McIlroy's right – we need to hit the players where it hurts
Rory McIlroy on slow play was right on the money.
As is so often the case, the four-time major winner spoke with precision and perspicacity when asked why he thought it had taken his threeball five hours and 20 minutes to play their second round in The Players Championship.
“Because they don’t do anything about it,” was his succinct response. “It’s become somewhat of an epidemic on tour.”
His answers reminded me what a great interviewee the Northern Irishman is.
He very rarely dodges a question. And you won’t often catch him pulling that tour-player’s trick of turning his post-round TV duties into meaningless banalities while stroking his chin, simultaneously giving the false impression of treating the question with deep thought and allowing a lingering view of the obligatory luxury watch.
He went on to make the entirely reasonable point that professional sportsmen are going to take as much time as they are allowed if they think it will give them even a small benefit. It’s a topic we’ve visited before.
“Look, it’s our livelihoods, and people are going to take their time. And as the course dries up and gets firmer and gets tougher, guys are going to take their time,” he added.
Then came a streak of realism – a real hallmark of McIlroy’s in the opinion of this long-time observer.
“I get that it can take five hours to play out there, but it shouldn’t take any over that,” said the eventual champion at Sawgrass, at the end of what had been a great tournament.
This, too, is a strong point. We make courses ever longer and more extreme – then act surprised when it takes golfers longer to negotiate them.
Next was the conclusion: “The fact that someone didn’t finish yesterday and someone had to come out today because there wasn’t enough light to finish, I mean, that’s unacceptable.”
Again, hard to argue with that.
And, finally, his solution.
“Honestly, I think they should just being a little tougher and start penalising shots earlier, and that would be an easy way to fix it.”
Rory McIlroy on slow play
And that, ladies and gentlemen, is pretty much the size of it.
Don’t fine them – that’s unfair. Because you can never fine the elite players enough for them to care.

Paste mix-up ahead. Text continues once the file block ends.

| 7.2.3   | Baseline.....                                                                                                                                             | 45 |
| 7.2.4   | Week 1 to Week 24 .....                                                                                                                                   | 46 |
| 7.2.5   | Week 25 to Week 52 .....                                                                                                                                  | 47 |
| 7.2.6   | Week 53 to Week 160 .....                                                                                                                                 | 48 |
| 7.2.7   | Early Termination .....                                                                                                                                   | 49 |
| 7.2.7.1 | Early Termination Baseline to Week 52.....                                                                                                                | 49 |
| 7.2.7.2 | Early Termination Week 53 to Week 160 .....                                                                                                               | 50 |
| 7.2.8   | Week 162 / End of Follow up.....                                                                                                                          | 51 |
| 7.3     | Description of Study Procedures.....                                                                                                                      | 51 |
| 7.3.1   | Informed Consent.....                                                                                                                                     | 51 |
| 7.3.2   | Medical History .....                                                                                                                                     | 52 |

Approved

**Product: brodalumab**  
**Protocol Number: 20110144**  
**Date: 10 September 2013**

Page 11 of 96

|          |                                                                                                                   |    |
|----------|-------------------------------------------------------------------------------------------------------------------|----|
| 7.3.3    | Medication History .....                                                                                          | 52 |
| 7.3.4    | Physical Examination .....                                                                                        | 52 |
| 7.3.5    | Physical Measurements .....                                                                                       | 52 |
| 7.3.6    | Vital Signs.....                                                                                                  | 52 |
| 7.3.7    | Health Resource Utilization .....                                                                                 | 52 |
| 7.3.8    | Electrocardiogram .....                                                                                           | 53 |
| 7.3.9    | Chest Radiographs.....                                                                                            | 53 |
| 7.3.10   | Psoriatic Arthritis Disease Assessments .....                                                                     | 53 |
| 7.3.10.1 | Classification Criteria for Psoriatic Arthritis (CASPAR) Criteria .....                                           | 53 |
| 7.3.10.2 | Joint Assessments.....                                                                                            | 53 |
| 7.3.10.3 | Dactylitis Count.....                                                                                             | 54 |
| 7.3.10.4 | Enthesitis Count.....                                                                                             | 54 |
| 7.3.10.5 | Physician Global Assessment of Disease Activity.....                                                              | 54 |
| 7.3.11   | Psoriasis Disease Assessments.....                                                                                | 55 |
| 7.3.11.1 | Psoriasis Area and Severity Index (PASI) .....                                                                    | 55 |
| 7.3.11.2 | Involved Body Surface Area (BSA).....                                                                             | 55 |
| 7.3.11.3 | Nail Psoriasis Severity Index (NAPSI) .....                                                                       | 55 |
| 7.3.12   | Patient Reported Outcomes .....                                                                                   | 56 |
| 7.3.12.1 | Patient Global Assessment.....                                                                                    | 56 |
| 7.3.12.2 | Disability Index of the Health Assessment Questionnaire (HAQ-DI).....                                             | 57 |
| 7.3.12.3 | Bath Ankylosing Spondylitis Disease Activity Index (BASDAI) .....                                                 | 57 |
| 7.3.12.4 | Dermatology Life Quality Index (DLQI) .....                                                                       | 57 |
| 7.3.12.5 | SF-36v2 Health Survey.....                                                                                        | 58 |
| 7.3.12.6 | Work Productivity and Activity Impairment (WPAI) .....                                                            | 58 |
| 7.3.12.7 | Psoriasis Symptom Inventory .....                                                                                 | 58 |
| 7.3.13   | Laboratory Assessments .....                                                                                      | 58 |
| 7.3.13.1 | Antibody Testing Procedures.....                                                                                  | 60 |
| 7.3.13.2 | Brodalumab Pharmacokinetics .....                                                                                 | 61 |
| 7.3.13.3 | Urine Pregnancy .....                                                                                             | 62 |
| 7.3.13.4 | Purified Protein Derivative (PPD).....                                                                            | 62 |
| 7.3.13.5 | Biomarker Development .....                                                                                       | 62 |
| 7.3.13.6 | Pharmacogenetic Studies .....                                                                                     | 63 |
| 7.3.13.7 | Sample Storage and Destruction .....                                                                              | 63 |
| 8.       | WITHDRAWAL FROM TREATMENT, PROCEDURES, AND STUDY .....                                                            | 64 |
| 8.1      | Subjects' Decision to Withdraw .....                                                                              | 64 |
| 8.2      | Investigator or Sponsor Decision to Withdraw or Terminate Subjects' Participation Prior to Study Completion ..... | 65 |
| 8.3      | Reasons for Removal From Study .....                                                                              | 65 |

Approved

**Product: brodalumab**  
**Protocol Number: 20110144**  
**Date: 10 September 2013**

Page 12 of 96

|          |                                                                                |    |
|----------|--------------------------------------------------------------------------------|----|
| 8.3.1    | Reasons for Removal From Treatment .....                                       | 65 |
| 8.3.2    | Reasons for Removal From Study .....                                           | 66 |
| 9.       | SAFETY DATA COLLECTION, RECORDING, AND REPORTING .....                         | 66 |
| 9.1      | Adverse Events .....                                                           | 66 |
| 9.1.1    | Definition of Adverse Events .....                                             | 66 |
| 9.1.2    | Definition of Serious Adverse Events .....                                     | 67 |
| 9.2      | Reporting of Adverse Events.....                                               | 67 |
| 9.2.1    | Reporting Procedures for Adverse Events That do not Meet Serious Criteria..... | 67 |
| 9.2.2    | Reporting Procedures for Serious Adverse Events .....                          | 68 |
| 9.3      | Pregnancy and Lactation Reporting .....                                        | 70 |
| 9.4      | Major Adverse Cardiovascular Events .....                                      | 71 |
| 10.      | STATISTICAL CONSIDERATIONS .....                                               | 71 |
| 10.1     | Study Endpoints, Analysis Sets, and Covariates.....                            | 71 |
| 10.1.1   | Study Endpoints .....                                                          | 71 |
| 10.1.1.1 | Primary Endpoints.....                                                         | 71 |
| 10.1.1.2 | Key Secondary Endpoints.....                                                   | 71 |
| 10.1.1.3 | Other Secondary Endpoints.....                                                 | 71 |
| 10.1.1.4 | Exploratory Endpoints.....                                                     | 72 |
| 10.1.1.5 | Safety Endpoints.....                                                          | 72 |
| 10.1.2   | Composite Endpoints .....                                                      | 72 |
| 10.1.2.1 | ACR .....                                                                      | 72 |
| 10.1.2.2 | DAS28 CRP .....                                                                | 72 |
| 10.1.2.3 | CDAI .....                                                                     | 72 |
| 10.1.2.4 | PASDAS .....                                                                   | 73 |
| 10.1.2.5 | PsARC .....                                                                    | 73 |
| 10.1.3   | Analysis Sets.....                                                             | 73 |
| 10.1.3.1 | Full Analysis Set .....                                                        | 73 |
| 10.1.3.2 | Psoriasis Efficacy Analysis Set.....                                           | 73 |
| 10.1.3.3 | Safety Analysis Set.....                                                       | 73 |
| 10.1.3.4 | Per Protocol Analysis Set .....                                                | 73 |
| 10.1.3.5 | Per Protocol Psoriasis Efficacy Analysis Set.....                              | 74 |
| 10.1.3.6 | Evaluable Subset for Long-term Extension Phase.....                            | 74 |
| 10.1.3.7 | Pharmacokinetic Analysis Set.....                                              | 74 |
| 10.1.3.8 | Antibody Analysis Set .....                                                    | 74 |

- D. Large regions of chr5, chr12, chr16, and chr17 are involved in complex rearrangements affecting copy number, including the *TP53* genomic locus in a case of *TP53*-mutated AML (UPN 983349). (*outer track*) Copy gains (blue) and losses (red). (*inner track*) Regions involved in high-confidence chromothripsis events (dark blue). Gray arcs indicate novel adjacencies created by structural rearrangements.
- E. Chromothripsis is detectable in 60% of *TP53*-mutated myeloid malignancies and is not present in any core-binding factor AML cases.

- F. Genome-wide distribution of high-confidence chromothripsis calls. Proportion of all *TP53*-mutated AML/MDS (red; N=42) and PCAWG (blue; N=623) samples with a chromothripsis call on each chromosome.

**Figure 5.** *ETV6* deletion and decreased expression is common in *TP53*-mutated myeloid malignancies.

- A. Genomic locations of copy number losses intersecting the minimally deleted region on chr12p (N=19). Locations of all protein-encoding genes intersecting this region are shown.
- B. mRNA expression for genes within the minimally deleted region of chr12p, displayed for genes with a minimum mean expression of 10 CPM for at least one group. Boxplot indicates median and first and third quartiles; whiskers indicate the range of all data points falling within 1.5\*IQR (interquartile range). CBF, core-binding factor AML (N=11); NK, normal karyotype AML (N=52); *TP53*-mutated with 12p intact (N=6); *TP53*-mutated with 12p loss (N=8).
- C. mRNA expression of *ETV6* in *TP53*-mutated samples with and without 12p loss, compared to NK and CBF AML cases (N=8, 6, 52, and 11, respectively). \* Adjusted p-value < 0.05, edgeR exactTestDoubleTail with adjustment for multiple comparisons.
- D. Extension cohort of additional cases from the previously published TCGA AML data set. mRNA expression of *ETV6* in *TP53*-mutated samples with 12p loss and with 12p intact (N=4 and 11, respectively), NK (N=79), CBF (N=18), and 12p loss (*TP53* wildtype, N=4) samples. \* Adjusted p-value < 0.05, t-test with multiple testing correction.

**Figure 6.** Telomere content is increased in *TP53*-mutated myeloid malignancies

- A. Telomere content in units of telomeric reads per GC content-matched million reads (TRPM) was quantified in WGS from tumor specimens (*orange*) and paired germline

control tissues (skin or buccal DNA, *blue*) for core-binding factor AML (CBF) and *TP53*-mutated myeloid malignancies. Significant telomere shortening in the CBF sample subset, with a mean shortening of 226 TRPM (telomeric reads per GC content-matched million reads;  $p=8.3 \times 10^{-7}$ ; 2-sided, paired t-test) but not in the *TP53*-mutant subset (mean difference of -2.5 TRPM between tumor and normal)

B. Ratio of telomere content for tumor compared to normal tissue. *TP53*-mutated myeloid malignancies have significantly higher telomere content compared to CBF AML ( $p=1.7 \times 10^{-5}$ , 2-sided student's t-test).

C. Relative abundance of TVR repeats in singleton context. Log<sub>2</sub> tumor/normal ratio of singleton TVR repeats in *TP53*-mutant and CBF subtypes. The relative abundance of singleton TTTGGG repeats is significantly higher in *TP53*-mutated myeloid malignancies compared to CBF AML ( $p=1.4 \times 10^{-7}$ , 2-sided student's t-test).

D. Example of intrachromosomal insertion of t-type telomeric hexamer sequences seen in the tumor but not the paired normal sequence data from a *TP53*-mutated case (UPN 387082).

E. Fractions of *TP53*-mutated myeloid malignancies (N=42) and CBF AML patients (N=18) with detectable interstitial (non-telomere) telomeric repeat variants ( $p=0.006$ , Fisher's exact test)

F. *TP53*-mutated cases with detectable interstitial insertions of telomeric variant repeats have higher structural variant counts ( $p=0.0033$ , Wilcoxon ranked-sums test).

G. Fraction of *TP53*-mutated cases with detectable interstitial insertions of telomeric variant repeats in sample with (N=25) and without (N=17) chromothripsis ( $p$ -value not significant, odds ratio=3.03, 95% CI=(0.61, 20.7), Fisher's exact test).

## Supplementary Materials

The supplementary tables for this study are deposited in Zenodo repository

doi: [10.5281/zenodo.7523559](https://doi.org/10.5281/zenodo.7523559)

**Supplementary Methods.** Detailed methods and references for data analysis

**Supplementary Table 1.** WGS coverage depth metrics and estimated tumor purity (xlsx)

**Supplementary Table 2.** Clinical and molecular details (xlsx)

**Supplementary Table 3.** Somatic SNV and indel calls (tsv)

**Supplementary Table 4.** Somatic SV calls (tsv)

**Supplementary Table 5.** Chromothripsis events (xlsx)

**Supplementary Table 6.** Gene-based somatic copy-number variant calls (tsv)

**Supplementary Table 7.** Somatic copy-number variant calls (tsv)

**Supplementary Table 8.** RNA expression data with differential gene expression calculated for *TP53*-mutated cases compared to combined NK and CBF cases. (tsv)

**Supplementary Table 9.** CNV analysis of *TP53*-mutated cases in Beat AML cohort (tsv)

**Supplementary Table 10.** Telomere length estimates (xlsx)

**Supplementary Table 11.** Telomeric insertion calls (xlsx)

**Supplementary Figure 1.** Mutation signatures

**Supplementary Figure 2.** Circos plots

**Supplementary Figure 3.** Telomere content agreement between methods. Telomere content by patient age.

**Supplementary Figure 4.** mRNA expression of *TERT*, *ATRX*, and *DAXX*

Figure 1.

The only universal currency in professional golf is shots.
Now, I suspect that it is going to be difficult to find an entirely equitable way of doing this. In fact, I know it is. Let’s steel ourselves for a couple of early injustices.
Mark Foster recently explained how the seasoned tour pro has little difficulty in avoiding being penalised under the current regulations.
So I think we’ll need to devise a system of spot checks. Think of it as professional golf’s equivalent of mobile speed cameras.
Just like on the roads, sometimes you might get away with it but it would only be a matter of (taking too much) time before you get caught.
I’d be comfortable with some officials hiding in plain sight with their stopwatches. Others will be behind trees and bushes.
They could take into account mitigating factors but once they decide the crime warranted it, the one-shot penalty would be applied. We as golf fans will need to back their judgment.
The players must be told between holes. We don’t want them walking up the last on Sunday with arms aloft saluting the galleries only to find out in the scorer’s hut that they have picked up several penalties over the 18 holes.
They won’t like it but I think they’ll get used to it.
Call me simplistic, but I think you’d see a pretty rapid moderation of behaviour.
Do we really believe that slow play on tour is the scourge of modern golf? Then a little more moaning from the pros is surely a price worth paying. We should listen carefully to Rory McIlroy on slow play.